In general, there are two mind-states within which people operate. There is the rational mode—the conscious and logical decisions that we make, and then there are the choices that we make which we cannot explain; things that we do that are suprarational, which can only be described as reflexive of our essential identity and characteristics.
Paradoxically, it is our irrational choices that express who we really are on the deepest of levels, as it is there where the person’s self is fully expressed, unadulterated by reason. Through this same idea concept the Talmud relates, that if one wants to know a person’s true colors, they should look at how he conducts himself when drunk, how he behaves when in a temper and how generous he is with his possessions. It is those choices that are spontaneous rather than calculated, where a person is seen for who he is at his essence.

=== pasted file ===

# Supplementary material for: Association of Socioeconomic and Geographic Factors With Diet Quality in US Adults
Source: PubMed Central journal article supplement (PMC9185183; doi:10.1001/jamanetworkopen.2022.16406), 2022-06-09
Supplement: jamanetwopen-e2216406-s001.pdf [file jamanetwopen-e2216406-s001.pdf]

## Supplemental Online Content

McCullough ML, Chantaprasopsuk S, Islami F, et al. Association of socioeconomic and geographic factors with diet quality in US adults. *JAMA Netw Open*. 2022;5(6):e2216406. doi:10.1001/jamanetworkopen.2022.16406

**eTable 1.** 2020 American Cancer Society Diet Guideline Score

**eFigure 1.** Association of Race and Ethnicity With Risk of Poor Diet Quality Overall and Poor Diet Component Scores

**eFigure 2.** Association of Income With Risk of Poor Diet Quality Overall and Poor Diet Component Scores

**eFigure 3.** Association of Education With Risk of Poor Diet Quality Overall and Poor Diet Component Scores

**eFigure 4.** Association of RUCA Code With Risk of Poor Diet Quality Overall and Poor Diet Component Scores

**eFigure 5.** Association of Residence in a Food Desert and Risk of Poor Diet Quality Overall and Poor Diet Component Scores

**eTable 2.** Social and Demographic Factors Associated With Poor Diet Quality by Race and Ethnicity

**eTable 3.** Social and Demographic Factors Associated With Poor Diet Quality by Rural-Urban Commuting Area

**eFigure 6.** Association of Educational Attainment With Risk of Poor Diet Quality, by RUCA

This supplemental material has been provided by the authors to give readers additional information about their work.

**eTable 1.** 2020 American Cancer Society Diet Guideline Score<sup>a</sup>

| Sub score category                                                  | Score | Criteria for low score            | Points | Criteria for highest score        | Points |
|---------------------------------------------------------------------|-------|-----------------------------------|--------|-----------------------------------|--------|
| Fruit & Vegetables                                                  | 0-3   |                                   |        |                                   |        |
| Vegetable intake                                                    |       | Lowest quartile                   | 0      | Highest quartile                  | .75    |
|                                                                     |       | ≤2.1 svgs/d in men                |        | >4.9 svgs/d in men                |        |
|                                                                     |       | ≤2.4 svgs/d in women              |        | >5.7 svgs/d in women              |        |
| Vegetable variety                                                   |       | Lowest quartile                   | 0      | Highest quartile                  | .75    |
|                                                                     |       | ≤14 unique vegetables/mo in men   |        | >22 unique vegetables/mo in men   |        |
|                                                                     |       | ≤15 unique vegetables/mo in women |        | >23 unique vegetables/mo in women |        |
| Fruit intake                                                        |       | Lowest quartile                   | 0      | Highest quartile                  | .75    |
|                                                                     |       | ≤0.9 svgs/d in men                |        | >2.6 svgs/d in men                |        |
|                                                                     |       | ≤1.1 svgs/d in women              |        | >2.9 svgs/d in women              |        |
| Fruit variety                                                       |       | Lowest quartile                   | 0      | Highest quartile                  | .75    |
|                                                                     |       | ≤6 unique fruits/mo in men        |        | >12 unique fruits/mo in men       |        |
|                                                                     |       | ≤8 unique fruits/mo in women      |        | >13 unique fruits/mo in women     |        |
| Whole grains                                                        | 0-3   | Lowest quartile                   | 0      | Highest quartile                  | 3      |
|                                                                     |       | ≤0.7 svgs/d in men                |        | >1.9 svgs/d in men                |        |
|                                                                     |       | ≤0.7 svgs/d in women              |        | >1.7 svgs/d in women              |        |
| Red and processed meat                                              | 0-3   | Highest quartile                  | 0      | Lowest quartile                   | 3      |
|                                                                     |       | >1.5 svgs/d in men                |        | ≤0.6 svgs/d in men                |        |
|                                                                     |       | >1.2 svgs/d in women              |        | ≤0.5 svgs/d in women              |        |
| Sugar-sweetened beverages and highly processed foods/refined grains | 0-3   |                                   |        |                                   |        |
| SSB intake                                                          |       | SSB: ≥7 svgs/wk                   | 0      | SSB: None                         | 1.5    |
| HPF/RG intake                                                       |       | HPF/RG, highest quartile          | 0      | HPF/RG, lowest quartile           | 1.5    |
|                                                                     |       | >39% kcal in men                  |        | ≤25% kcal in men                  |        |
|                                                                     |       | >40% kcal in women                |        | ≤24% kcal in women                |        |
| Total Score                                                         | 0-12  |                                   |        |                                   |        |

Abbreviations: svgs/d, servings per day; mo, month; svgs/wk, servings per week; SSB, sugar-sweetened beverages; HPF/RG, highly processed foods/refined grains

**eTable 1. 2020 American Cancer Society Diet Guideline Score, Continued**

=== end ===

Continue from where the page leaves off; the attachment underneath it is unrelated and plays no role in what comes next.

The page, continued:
In our service of G-d, there are as well two manners in which we can operate. We can choose to serve G-d because we have intellectual proofs to His existence and we rationally decided that serving G-d is in our best interest, or we can connect to G-d because the essence of our soul instinctively relates to Him in a way that cannot be confined to reason, as it completely surpasses rationality.
While during the year the objective of our service of G-d is to permeate the faculties of our minds, on Purim we are capable of connecting to deeper levels of our soul than we ordinarily relate to and can serve the Almighty through our soul—unadulterated by reason.
This is expressed in the Purim story, in that in order to annul the decree against the Jews, the Jewish people had a self-sacrifice that surpassed reason for the duration of a year. This degree of self-sacrifice can only come from the essence of the soul that is one with G-d.
To re-experience this every year on Purim, it is a custom to drink alcohol, which serves to weaken our rationale. Drinking on Purim is more than the physical intake of alcoholic beverages; it is about coming in touch with a part of our soul that we are not connected with during the rest of the year.